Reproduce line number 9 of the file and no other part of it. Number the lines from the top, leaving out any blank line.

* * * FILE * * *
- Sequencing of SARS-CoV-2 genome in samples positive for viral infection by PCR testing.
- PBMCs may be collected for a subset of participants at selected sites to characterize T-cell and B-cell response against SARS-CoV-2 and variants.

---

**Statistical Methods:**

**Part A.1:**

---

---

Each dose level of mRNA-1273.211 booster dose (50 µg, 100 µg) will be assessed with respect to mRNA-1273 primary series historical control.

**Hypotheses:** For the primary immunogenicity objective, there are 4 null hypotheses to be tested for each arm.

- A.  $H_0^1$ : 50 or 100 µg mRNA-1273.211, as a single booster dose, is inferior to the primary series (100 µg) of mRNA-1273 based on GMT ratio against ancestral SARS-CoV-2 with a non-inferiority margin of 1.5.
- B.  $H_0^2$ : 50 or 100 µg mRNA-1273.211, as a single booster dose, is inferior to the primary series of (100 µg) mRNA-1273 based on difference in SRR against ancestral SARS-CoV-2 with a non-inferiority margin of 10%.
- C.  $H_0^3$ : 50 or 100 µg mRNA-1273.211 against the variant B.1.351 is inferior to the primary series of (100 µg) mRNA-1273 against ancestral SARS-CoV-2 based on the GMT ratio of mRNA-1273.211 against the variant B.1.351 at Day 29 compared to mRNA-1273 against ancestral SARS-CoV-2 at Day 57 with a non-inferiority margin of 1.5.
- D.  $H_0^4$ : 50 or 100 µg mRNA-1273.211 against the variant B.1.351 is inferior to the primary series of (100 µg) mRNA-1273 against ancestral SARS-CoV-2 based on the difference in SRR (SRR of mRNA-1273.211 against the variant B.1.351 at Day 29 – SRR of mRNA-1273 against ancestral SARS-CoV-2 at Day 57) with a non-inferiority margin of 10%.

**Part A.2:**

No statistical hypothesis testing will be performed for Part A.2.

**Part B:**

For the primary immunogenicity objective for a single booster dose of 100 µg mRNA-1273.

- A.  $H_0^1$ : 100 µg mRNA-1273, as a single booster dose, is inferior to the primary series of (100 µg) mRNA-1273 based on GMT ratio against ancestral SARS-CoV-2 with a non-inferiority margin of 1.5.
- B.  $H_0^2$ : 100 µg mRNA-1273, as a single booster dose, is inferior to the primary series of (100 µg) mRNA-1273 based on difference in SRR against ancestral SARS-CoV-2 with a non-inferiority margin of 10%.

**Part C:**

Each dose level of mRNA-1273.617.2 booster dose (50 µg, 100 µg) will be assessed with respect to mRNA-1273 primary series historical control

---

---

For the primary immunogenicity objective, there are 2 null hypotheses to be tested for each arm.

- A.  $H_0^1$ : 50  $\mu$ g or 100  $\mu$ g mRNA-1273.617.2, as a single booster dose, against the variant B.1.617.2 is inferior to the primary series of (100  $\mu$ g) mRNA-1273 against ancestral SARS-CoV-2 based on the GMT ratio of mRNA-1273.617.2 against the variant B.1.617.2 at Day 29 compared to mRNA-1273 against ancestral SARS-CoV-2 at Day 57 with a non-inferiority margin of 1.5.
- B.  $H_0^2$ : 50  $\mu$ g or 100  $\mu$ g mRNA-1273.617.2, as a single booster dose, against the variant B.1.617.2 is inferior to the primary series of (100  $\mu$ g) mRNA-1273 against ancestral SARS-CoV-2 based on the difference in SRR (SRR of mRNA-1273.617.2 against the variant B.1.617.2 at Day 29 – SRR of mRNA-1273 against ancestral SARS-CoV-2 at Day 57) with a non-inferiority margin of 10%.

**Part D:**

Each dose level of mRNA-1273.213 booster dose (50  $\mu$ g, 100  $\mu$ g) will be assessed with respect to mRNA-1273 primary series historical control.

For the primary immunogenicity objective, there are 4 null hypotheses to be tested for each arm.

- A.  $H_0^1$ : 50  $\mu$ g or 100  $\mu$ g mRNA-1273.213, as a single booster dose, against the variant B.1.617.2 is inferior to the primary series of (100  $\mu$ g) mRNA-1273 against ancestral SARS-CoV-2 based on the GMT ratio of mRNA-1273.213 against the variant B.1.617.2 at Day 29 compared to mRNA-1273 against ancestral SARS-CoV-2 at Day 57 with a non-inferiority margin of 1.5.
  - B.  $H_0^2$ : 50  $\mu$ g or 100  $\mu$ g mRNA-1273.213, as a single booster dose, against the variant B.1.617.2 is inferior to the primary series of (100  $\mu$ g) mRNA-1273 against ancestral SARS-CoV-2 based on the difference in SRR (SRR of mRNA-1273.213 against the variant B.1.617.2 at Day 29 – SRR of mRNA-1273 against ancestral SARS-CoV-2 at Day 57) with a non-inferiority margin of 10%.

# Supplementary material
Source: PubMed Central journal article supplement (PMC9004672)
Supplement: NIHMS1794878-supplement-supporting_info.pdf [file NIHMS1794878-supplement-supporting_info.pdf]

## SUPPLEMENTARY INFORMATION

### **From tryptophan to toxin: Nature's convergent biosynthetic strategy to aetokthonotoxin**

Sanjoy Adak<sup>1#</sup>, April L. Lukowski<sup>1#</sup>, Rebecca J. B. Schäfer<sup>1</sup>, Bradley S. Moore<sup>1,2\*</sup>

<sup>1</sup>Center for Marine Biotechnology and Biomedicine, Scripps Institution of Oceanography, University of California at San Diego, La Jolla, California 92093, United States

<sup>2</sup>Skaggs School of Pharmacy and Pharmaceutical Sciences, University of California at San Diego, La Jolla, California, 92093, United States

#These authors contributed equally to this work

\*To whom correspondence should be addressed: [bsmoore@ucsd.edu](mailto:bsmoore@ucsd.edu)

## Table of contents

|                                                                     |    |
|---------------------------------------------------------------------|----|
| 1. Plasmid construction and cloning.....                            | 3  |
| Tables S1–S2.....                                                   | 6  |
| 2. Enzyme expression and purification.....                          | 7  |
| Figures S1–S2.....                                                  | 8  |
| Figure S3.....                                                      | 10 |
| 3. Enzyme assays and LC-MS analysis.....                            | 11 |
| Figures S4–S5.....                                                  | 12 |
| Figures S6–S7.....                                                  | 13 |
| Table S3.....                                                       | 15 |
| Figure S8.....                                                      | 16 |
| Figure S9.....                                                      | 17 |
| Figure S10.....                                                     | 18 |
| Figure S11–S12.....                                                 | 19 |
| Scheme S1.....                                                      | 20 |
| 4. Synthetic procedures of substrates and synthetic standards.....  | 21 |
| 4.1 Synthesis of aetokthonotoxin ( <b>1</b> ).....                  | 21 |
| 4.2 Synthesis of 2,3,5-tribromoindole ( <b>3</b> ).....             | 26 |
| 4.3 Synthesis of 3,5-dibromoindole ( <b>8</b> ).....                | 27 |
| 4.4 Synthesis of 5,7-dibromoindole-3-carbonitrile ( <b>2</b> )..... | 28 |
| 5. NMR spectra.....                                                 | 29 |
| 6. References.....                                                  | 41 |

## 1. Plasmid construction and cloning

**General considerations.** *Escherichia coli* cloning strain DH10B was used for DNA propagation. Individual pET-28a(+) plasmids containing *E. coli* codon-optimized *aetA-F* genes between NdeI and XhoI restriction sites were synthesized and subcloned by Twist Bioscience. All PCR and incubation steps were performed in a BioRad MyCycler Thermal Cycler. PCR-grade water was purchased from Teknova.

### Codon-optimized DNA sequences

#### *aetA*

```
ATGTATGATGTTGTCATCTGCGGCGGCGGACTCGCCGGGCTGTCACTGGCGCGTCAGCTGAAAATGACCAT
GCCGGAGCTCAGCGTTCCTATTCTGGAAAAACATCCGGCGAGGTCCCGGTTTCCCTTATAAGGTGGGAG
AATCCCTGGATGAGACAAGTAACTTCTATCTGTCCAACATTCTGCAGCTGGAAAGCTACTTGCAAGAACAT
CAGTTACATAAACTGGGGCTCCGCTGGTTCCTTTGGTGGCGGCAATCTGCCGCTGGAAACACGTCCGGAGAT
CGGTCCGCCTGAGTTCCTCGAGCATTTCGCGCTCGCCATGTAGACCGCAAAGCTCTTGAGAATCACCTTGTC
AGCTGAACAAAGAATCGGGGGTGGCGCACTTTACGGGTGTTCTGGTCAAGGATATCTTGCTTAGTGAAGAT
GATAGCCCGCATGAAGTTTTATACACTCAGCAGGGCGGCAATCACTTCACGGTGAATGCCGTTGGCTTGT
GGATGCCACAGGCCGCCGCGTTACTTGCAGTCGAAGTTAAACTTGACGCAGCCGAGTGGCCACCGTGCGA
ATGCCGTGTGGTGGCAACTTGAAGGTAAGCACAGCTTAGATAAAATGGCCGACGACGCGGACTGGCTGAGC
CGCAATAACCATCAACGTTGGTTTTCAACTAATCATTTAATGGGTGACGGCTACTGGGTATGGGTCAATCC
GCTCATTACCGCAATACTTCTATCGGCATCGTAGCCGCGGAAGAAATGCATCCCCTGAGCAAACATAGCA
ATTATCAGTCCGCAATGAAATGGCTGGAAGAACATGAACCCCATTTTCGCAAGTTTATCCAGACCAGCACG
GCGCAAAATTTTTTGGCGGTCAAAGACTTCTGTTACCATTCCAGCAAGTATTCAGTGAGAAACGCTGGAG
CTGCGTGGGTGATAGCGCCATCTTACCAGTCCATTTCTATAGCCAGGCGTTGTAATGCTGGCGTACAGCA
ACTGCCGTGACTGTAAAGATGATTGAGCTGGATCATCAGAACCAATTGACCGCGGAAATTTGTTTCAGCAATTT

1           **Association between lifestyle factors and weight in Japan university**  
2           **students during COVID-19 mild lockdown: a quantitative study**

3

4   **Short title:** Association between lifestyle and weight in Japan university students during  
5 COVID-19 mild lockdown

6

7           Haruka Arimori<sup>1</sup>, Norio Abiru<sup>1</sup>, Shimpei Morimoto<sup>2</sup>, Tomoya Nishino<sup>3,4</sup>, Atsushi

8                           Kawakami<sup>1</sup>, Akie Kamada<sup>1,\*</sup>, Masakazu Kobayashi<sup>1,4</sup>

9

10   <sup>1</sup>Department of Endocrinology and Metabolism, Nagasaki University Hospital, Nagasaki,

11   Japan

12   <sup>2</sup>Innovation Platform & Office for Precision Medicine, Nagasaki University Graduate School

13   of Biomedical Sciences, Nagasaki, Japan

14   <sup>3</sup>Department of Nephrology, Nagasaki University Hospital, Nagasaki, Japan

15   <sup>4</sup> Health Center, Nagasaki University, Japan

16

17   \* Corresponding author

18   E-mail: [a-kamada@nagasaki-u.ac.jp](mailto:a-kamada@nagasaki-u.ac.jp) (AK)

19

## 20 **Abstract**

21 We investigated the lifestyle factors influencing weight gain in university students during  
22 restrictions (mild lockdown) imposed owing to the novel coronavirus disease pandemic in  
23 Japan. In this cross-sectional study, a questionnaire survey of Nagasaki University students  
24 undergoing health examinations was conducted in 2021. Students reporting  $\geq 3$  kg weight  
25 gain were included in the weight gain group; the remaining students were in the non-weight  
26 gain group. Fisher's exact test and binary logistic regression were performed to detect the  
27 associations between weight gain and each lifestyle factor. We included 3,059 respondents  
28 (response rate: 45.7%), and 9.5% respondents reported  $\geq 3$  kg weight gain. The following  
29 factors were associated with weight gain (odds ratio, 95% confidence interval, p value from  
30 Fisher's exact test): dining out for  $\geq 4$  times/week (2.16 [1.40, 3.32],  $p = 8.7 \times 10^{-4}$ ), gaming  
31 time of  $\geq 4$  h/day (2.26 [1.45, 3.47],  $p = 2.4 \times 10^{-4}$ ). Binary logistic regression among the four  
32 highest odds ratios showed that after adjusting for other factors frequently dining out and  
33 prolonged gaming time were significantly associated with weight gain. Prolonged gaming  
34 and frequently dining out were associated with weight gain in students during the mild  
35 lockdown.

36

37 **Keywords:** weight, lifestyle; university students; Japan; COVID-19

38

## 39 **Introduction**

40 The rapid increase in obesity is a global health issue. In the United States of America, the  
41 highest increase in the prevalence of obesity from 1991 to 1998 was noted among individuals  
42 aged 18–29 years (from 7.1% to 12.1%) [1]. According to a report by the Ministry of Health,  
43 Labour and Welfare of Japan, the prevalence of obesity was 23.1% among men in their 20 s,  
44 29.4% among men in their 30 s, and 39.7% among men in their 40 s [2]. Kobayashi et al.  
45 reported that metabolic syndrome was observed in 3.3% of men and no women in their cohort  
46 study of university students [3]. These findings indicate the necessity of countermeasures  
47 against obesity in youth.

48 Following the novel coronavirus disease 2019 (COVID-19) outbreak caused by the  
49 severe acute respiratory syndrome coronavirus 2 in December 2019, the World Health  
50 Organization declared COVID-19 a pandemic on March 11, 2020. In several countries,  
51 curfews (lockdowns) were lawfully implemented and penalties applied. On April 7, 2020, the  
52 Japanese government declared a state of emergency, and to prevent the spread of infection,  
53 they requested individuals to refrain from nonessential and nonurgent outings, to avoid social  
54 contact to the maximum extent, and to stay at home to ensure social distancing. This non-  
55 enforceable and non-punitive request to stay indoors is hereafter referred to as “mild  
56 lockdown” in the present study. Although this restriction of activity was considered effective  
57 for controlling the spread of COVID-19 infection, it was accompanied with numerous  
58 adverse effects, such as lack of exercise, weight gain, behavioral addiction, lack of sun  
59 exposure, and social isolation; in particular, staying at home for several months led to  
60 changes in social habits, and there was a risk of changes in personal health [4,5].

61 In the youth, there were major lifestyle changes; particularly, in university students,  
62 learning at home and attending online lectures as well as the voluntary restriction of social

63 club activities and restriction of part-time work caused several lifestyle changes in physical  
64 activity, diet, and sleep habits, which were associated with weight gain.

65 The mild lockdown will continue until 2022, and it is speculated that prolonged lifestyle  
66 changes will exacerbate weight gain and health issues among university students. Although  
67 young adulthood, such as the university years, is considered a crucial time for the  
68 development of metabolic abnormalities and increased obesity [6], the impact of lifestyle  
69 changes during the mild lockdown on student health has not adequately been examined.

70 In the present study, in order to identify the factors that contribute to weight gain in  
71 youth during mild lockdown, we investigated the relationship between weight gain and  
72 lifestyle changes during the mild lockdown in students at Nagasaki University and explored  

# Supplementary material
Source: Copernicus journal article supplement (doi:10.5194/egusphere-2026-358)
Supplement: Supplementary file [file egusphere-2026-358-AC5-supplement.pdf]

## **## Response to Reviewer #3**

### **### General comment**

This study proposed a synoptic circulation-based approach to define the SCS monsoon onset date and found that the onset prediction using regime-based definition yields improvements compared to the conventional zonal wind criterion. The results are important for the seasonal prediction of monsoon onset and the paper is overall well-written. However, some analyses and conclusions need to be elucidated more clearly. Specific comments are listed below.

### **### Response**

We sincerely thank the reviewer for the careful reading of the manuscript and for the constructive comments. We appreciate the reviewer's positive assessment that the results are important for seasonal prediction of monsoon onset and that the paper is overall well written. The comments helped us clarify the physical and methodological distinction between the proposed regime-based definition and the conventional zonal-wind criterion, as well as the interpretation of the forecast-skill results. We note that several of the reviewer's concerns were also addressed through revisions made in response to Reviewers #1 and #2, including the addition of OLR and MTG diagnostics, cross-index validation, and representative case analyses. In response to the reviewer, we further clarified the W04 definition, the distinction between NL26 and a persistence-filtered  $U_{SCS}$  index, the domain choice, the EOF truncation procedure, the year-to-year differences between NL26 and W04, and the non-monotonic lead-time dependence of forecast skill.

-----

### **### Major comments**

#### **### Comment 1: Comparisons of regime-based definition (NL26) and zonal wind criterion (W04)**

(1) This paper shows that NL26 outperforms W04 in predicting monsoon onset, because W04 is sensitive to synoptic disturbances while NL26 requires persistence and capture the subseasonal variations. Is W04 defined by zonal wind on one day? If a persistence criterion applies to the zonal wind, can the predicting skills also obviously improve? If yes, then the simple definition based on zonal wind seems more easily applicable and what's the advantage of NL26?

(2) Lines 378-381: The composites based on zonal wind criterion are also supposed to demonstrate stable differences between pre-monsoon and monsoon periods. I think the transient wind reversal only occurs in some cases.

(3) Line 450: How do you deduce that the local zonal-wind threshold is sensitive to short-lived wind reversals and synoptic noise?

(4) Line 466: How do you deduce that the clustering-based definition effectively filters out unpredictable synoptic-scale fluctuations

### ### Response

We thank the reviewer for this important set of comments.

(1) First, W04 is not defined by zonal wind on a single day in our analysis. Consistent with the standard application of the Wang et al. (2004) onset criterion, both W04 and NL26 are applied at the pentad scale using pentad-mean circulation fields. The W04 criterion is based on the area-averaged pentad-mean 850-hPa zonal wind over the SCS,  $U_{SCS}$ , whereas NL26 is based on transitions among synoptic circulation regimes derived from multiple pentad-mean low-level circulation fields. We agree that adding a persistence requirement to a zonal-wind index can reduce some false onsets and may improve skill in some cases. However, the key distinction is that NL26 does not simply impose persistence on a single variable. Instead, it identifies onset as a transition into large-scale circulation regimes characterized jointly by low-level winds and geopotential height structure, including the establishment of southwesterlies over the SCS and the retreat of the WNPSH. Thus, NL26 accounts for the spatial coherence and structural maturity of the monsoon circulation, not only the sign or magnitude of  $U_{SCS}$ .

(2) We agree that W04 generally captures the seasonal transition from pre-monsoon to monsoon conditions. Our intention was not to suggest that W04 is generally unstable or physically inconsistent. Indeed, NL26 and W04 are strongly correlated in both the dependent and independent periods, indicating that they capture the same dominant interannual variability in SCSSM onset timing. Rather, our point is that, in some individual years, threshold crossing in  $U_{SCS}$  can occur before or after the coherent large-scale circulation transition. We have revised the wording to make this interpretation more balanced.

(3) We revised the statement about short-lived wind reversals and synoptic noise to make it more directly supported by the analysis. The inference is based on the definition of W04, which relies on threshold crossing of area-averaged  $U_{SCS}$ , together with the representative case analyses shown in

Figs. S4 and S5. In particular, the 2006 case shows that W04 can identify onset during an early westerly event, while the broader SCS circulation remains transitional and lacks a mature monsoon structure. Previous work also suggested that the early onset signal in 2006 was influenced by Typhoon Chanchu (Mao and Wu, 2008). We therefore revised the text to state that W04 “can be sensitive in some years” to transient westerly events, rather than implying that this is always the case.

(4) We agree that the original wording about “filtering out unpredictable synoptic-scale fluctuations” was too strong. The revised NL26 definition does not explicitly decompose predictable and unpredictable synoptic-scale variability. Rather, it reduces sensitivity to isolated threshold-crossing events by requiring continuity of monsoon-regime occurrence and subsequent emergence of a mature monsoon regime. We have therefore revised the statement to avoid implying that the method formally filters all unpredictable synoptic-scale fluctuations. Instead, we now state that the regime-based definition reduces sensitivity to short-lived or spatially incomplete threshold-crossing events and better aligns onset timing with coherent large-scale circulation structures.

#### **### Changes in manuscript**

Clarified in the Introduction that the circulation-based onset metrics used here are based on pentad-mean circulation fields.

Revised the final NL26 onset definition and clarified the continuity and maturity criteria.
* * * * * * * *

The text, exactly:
**Hypotheses:** For the primary immunogenicity objective, there are 4 null hypotheses to be tested for each arm.